In 2011, the denial of parole to Oscar López Rivera outraged the leaders of Puerto Rico’s political and civil society, who publicly denounced the ruling. One critic, Puerto Rico’s non-voting U.S. congressional representative,  Pedro Pierluisi, said, “I don’t see how they can justify another 12 years of prison after he has spent practically 30 years in prison, and the others who were charged with the same conduct are already in the free community. It seems to me to be excessive punishment.”
In response to the parole denial, 1984 Nobel Peace Prize winner Archbishop Desmond Tutu joined Nobel Laureates Máiread Corrigan Maguire of Northern Ireland and Adolfo Pérez Esquivel of Argentina, to send a letter to US President Barack Obama expressing their concern about his parole hearing. The letter cited how “testimony was permitted at that hearing regarding crimes López Rivera was never accused of committing in the first place, and a decision was handed down which—in denying parole—pronounced a veritable death sentence by suggesting that no appeal for release be heard again until 2023.”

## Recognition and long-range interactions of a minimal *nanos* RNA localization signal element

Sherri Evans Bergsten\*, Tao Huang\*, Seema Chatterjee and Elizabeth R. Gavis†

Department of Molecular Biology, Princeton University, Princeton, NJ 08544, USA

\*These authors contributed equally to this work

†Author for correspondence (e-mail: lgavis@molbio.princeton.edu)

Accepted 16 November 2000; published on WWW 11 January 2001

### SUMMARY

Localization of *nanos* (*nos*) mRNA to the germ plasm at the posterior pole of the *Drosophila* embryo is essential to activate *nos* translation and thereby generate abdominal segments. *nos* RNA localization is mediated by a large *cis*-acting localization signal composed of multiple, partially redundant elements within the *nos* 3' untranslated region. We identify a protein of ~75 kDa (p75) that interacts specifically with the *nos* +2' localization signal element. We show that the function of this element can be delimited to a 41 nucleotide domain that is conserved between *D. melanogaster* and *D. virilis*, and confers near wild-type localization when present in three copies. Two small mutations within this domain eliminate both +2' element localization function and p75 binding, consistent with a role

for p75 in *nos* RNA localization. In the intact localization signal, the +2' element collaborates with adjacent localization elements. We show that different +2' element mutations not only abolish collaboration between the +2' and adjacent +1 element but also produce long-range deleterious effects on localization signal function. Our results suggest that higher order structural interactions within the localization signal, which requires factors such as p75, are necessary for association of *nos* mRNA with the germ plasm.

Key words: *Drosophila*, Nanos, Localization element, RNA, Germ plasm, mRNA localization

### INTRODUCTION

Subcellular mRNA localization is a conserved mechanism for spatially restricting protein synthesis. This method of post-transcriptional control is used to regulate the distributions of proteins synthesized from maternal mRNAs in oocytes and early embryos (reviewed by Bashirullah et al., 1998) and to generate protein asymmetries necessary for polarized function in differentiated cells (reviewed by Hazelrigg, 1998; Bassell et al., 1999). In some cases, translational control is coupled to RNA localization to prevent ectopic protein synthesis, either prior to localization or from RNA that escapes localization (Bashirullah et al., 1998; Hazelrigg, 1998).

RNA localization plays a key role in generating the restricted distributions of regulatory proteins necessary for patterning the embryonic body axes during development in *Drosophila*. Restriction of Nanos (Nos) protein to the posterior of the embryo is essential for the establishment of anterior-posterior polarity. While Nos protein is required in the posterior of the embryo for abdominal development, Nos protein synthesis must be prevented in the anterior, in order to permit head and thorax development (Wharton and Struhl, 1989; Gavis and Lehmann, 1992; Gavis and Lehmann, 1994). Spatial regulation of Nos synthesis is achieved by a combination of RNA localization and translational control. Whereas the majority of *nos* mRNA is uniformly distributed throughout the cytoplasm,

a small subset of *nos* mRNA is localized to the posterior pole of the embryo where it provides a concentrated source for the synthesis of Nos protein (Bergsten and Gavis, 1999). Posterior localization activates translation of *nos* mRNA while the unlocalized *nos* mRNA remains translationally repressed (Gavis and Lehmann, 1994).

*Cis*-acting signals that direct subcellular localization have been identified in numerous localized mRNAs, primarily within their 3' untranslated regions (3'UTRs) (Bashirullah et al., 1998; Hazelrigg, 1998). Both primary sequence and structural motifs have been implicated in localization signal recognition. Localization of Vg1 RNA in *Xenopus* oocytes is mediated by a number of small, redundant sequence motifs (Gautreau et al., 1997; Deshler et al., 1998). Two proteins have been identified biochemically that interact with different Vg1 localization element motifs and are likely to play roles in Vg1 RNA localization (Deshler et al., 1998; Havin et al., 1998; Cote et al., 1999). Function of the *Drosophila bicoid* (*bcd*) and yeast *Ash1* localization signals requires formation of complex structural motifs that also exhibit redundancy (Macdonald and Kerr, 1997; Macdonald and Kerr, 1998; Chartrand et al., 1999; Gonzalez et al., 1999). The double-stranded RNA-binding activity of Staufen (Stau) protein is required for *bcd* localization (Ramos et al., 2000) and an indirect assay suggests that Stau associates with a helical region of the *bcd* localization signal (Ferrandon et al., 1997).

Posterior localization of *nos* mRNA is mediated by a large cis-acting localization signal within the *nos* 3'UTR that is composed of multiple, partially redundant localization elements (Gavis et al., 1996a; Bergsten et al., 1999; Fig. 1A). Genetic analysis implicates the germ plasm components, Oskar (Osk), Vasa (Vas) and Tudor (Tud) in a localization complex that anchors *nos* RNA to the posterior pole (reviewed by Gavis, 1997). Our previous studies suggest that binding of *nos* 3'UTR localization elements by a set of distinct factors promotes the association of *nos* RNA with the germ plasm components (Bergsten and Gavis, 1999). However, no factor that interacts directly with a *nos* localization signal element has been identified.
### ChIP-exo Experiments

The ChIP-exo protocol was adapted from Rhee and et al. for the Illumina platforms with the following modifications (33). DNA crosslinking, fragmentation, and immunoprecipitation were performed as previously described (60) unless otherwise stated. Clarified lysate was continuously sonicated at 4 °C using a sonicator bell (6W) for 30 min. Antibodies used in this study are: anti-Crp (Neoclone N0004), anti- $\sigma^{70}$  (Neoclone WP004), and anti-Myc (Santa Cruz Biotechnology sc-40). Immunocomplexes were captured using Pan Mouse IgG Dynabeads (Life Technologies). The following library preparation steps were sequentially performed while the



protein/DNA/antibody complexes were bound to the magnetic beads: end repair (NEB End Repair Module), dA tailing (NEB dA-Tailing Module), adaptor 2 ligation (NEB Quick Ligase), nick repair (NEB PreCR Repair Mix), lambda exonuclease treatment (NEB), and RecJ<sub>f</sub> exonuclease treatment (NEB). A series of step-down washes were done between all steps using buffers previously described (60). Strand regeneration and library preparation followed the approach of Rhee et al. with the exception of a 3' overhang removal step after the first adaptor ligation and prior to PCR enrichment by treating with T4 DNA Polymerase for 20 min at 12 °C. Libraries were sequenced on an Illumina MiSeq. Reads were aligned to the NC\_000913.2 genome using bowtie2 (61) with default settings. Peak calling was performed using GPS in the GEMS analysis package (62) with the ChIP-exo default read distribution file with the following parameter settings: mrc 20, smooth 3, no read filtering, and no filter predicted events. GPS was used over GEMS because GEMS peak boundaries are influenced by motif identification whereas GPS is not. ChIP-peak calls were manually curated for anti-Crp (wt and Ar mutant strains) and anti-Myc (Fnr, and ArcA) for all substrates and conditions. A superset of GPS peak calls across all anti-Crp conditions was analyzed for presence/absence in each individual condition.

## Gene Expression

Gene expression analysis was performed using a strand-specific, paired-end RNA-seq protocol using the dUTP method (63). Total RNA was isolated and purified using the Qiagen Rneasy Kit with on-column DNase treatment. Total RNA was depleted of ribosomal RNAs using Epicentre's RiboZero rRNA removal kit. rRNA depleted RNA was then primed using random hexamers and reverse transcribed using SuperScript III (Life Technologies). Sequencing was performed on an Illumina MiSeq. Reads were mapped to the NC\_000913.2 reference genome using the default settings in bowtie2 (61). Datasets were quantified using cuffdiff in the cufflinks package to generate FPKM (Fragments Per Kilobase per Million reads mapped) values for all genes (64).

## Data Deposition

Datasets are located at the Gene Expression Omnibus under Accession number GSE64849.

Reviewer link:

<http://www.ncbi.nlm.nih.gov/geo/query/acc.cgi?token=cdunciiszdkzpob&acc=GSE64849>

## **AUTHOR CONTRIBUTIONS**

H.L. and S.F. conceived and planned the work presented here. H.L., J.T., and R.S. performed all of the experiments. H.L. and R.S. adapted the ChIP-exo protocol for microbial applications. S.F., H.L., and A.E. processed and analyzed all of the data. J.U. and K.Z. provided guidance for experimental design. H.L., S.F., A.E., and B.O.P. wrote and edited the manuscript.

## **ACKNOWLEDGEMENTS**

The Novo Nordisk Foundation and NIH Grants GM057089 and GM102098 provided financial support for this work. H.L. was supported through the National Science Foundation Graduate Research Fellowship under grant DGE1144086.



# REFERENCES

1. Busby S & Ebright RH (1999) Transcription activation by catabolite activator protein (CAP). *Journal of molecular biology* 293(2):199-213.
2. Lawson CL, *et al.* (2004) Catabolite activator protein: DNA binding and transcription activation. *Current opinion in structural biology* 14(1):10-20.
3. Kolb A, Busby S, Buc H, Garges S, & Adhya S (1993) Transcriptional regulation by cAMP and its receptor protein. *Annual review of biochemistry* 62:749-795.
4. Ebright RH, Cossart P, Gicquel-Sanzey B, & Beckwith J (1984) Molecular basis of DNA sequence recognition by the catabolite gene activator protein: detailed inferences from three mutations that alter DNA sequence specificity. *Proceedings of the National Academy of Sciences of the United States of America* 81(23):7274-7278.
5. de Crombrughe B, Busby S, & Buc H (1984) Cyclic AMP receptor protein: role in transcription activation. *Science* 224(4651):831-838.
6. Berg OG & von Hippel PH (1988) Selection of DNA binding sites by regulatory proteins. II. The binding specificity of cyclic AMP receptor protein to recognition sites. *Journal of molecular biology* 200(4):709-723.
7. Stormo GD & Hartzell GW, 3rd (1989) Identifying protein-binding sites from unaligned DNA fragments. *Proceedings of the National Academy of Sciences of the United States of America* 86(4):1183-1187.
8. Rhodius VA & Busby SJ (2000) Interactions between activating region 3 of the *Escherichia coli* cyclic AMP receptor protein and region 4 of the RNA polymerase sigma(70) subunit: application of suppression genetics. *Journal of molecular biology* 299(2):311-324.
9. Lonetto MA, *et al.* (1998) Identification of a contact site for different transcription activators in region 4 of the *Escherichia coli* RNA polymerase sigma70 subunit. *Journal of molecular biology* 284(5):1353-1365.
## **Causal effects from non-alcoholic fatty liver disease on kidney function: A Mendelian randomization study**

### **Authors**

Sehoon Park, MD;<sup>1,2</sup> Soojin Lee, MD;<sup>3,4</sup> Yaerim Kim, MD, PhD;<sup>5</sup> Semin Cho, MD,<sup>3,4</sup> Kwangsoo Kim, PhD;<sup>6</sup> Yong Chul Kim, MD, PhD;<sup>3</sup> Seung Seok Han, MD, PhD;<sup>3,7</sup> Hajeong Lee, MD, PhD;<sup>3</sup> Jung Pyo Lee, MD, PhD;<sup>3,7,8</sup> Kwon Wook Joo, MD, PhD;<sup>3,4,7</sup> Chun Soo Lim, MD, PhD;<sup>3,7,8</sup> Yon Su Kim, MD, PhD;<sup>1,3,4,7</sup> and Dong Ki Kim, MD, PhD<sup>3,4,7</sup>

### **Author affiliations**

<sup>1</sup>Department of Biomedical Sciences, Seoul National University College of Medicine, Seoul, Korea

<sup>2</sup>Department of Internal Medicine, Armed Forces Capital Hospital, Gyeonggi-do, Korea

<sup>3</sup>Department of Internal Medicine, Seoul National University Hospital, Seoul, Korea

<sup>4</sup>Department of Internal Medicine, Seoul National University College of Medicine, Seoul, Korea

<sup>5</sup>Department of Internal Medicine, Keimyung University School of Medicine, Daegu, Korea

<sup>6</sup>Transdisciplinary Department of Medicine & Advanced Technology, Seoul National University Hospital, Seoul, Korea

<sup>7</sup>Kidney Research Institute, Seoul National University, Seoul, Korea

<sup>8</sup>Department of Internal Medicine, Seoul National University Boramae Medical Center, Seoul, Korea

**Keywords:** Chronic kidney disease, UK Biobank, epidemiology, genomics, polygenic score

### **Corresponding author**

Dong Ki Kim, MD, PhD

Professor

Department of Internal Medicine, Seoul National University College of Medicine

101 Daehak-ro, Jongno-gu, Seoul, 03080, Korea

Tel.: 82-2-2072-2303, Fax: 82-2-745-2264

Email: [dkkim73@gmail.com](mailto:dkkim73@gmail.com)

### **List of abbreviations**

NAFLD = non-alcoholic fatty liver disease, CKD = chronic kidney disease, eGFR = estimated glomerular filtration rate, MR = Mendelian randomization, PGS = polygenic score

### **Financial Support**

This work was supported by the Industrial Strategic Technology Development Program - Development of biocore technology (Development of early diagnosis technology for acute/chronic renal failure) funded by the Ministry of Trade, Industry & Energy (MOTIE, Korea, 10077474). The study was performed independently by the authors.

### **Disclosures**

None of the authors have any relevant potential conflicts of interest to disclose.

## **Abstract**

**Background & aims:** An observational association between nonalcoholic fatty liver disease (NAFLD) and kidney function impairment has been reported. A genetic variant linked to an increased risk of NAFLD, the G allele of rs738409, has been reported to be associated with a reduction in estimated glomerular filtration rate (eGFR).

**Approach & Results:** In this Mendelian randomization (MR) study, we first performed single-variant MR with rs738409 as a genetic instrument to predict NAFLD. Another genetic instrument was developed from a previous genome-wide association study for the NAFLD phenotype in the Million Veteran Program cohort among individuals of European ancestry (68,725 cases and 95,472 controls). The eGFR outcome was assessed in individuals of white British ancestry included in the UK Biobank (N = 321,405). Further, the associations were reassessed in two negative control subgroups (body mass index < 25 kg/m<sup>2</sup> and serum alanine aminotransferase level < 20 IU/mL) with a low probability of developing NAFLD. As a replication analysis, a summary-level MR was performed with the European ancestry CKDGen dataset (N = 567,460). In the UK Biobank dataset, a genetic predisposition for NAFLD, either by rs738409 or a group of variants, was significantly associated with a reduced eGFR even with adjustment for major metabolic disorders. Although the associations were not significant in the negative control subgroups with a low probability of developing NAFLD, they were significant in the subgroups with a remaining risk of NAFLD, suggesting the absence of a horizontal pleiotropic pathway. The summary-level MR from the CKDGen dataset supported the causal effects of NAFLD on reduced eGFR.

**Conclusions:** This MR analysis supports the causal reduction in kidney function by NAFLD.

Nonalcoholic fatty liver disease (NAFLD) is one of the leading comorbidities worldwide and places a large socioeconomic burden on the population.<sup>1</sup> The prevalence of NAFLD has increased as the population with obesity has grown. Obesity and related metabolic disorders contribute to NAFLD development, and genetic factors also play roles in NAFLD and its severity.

Following the parole denial, López Rivera declared in a public statement to supporters:
“We have not achieved the desired goal. But we achieved something more beautiful, more precious and more important. And that is the fact that the campaign included people who represent a rainbow of political ideologies, religious beliefs, and social classes that exist in Puerto Rico. This to me represents the magnanimity of the Boricua heart—one filled with love, compassion, courage and hope.”